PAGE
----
In the first full account of her life, biographer Jill Benton confessed she was a "passionate student" of Naomi's, "bent on honouring the lives of those accomplished women writers short-changed by literary history" - on which list, of course, Mitchison was high. In Jenni Calder, the Scottish matriarch has another biographer who is also neither detective nor detractor but a devoted disciple. From the outset, Calder clearly draws the line between her subject and us ordinary mortals. "For Naomi Mitchison living has meant not existing, enduring, putting up with, compromising". For her, life has been "adventuring, protesting, galvanising others".
Naomi Mitchison's life is a testament to unbounded energy. She has written more than 80 books, as well as plays, poems, and articles. Her first novel, The Conquered, was reputedly drafted on a board resting on her son's pram as she pushed him along the Embankment. She had five surviving children by her patient husband, Dick. She collected lovers as other upper- middle-class women collect fine china. She fought for contraception, nuclear disarmament and fishermen's rights.
In her forties, she bought Carradale House on the Mull of Kintyre and became laird of a Scottish village; in her sixties, she became the "mother" of a Botswanan tribe.
This far-reaching life begs for a soupcon of analysis: a society hostess and committed socialist, both battling against and benefiting from class privilege. But any hint of such contradictions is glossed over. "Although professing a lack of interest in possessions," Calder writes, and said to share EM Forster's belief that ownership was "the wickedest thing in the universe", Naomi went to Sotheby's and Christie's to buy furniture for her new home. On this, Calder offers no comment.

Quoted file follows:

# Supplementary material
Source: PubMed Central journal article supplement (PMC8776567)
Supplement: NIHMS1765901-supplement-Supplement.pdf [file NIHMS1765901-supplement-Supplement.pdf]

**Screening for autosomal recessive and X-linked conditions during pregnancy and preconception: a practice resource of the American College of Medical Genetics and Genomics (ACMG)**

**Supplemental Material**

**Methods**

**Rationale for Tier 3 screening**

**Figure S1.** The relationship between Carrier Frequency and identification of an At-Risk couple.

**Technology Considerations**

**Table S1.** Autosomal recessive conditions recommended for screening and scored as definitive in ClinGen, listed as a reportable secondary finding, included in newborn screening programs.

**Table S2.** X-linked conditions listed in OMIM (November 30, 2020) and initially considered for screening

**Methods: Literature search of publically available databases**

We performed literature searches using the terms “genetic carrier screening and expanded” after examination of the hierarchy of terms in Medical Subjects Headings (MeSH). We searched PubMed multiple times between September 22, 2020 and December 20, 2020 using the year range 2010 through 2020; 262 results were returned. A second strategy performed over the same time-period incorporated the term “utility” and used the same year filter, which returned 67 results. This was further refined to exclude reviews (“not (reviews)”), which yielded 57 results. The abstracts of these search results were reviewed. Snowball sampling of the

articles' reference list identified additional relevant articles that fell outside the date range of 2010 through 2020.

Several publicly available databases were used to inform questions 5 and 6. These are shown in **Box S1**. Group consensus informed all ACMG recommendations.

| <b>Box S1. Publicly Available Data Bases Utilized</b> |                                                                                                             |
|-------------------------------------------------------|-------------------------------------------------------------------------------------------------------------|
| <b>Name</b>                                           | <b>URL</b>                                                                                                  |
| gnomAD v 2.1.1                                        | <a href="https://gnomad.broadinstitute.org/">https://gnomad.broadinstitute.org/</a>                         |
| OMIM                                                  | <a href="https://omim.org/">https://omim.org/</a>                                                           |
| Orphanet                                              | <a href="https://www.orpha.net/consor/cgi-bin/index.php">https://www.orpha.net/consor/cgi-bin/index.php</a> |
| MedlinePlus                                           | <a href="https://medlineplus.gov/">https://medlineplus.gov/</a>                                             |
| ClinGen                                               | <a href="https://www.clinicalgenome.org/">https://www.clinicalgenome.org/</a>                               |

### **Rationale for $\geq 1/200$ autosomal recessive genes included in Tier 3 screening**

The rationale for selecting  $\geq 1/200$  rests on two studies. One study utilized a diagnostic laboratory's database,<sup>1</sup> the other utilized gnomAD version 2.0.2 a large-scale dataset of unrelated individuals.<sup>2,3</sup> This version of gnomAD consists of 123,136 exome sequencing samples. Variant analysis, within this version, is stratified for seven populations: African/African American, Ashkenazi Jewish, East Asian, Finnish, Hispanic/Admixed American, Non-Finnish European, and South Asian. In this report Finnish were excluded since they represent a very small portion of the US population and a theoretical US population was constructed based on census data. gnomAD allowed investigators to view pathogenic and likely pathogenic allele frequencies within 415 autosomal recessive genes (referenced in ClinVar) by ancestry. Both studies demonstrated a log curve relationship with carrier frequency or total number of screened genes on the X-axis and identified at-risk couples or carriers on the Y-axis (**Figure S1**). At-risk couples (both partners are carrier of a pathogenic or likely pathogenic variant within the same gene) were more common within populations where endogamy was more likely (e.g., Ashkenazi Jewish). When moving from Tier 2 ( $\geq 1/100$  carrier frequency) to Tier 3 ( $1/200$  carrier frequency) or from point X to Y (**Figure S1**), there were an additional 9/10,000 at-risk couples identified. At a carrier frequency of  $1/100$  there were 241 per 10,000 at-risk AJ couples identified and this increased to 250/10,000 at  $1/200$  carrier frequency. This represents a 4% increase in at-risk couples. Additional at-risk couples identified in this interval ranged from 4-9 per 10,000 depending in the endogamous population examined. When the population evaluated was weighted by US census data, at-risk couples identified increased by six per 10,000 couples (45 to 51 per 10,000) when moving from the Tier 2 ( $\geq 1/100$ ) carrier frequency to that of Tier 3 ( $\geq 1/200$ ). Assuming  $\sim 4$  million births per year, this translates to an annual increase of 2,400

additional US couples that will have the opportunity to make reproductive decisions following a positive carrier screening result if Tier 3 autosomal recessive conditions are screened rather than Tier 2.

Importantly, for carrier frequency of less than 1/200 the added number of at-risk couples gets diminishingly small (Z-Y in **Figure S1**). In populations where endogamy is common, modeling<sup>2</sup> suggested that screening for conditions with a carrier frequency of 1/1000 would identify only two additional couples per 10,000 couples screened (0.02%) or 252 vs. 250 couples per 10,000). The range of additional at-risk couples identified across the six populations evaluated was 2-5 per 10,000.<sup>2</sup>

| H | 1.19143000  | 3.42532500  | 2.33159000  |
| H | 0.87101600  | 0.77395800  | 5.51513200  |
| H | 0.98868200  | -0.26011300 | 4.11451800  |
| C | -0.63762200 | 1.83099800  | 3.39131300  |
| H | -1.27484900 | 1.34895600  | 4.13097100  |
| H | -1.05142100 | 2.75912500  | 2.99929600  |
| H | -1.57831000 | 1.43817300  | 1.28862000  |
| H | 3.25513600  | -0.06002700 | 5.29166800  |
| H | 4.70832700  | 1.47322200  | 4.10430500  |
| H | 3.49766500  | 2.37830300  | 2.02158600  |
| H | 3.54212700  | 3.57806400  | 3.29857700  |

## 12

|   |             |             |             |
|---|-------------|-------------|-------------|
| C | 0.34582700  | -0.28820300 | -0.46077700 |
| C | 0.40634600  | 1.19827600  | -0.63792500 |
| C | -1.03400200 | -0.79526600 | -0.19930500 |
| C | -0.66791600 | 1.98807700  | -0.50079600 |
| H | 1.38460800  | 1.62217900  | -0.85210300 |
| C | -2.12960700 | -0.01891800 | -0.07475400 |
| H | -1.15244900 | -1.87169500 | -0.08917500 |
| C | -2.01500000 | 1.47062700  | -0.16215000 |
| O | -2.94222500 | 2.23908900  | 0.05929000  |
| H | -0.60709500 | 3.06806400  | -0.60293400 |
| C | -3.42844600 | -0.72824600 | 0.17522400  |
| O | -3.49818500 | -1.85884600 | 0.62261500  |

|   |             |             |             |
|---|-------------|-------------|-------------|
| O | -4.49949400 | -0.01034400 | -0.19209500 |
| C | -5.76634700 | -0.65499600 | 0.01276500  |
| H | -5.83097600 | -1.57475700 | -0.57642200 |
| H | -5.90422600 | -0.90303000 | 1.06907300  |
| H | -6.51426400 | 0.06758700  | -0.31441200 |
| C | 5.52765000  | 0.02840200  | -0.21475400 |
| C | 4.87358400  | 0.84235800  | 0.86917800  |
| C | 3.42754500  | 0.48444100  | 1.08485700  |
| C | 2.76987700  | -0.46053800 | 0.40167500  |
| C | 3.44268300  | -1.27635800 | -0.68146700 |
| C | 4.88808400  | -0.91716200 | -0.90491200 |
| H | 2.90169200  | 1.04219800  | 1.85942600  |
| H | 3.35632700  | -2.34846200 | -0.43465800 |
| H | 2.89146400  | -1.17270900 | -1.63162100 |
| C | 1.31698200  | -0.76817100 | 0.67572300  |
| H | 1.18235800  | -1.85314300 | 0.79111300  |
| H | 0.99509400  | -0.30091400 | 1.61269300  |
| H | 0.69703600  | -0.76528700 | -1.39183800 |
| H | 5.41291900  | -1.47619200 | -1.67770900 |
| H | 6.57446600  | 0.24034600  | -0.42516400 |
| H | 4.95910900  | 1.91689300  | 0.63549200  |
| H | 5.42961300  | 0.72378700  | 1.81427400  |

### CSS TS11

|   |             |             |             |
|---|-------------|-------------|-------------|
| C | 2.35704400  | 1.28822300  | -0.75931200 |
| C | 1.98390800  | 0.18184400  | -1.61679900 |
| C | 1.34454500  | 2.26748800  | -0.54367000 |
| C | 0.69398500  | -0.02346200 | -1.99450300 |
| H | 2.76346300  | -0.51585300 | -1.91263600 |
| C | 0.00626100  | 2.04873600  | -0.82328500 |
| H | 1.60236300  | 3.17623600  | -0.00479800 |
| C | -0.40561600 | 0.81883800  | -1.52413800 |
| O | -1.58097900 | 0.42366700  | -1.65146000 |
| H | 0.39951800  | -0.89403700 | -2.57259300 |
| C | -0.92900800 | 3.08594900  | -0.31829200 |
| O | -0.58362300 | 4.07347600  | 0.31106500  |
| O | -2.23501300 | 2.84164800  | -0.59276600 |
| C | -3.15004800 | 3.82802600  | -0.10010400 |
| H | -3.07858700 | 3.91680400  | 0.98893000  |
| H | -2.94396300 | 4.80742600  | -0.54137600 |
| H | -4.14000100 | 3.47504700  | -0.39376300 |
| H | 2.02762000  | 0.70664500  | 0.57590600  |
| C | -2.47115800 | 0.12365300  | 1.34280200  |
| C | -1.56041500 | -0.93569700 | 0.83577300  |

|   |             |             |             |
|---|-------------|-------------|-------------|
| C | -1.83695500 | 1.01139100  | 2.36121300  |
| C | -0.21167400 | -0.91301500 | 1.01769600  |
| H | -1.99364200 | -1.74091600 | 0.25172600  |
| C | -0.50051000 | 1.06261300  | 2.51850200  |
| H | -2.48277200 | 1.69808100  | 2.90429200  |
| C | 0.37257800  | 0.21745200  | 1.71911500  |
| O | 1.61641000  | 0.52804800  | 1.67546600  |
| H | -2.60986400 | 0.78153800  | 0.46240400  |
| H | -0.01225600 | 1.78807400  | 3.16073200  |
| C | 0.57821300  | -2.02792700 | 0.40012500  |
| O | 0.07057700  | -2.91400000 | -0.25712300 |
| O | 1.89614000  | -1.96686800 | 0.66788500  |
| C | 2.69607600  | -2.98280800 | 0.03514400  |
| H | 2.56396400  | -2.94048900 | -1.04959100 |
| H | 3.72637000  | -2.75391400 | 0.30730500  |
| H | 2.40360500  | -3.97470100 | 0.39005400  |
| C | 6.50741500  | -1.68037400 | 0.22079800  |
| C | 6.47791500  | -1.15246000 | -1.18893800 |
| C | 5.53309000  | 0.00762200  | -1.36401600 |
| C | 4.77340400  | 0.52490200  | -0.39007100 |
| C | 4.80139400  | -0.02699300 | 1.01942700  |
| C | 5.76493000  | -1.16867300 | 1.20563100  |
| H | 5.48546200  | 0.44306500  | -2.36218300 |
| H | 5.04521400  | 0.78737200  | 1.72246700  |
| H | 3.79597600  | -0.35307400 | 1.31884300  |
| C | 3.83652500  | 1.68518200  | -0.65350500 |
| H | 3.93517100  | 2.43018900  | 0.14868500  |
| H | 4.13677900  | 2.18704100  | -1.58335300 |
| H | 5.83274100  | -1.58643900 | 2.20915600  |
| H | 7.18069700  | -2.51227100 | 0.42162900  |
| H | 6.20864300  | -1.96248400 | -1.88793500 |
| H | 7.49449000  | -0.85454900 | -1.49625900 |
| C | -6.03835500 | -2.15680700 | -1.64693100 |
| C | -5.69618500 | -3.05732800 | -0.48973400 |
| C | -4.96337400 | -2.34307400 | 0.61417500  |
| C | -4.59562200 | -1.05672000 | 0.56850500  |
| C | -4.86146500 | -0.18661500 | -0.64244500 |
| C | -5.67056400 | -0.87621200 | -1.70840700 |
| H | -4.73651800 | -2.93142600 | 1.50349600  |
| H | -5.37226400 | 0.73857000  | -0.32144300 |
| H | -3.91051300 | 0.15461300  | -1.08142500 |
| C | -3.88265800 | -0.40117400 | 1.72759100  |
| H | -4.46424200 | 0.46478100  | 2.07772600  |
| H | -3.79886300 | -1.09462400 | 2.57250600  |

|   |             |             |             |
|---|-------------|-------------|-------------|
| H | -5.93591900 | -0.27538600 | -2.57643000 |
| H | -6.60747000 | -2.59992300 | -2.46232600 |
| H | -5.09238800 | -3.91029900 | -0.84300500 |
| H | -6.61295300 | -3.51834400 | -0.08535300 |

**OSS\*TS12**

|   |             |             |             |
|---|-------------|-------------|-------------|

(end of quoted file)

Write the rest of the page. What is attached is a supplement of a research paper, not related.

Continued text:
But Calder's biggest blind spot is in refusing to question Mitchison's claim to be embraced by classes and cultures other than her own. At Carradale, according to Calder, the new laird immediately fell in with the local fishermen. Her evidence for this comes from Mitchison's own poetry, but was this truth masked as fiction, or simply wishful thinking?
In the early Eighties, I wrote to the laird of Carradale asking if I might visit. Like Benton and Calder, I wanted to meet a woman I admired. She invited me for the weekend, and I pitched my one-woman tent in her substantial grounds. During my stay, an expedition was organised to go salmon fishing. We were all issued with wellingtons and waterproofs and told to rendezvous at the back door. Naomi Mitchison, several members of her huge family and myself tramped down to the beach. We stood by while three local fishermen went out in their boat, trawled their net, caught a fish, and brought it back to the shore, where they bludgeoned it to death at their laird's feet. We all walked back to the Big House. Not even the tips of my wellingtons were wet. The next evening we ate the salmon at the grand table, congratulating ourselves on our fine catch. In the Eighties, people still dressed for dinner at Carradale. "Did you enjoy salmon fishing?" someone asked. No one seemed to be aware of the irony.
Such details are not dwelt upon by Calder. She outlines Mitchison's unfailingly successful attempts to be part of communities to which she is a natural outsider. This member of the distinguished Haldane family is said to have blended in beautifully with life at a village in Botswana: "She was soon one of them, a Mokgatla, and the `we' of all her writing about Botswana confidently asserts her African identity."
Buried in this hagiography, there is a tiny clue to another Naomi Mitchison, in a throwaway remark made by one of her children. She has never known her mother to go for a walk on her own. Above all, it seems, Naomi Mitchison - an irrepressible "I" - has wanted to be part of a "we".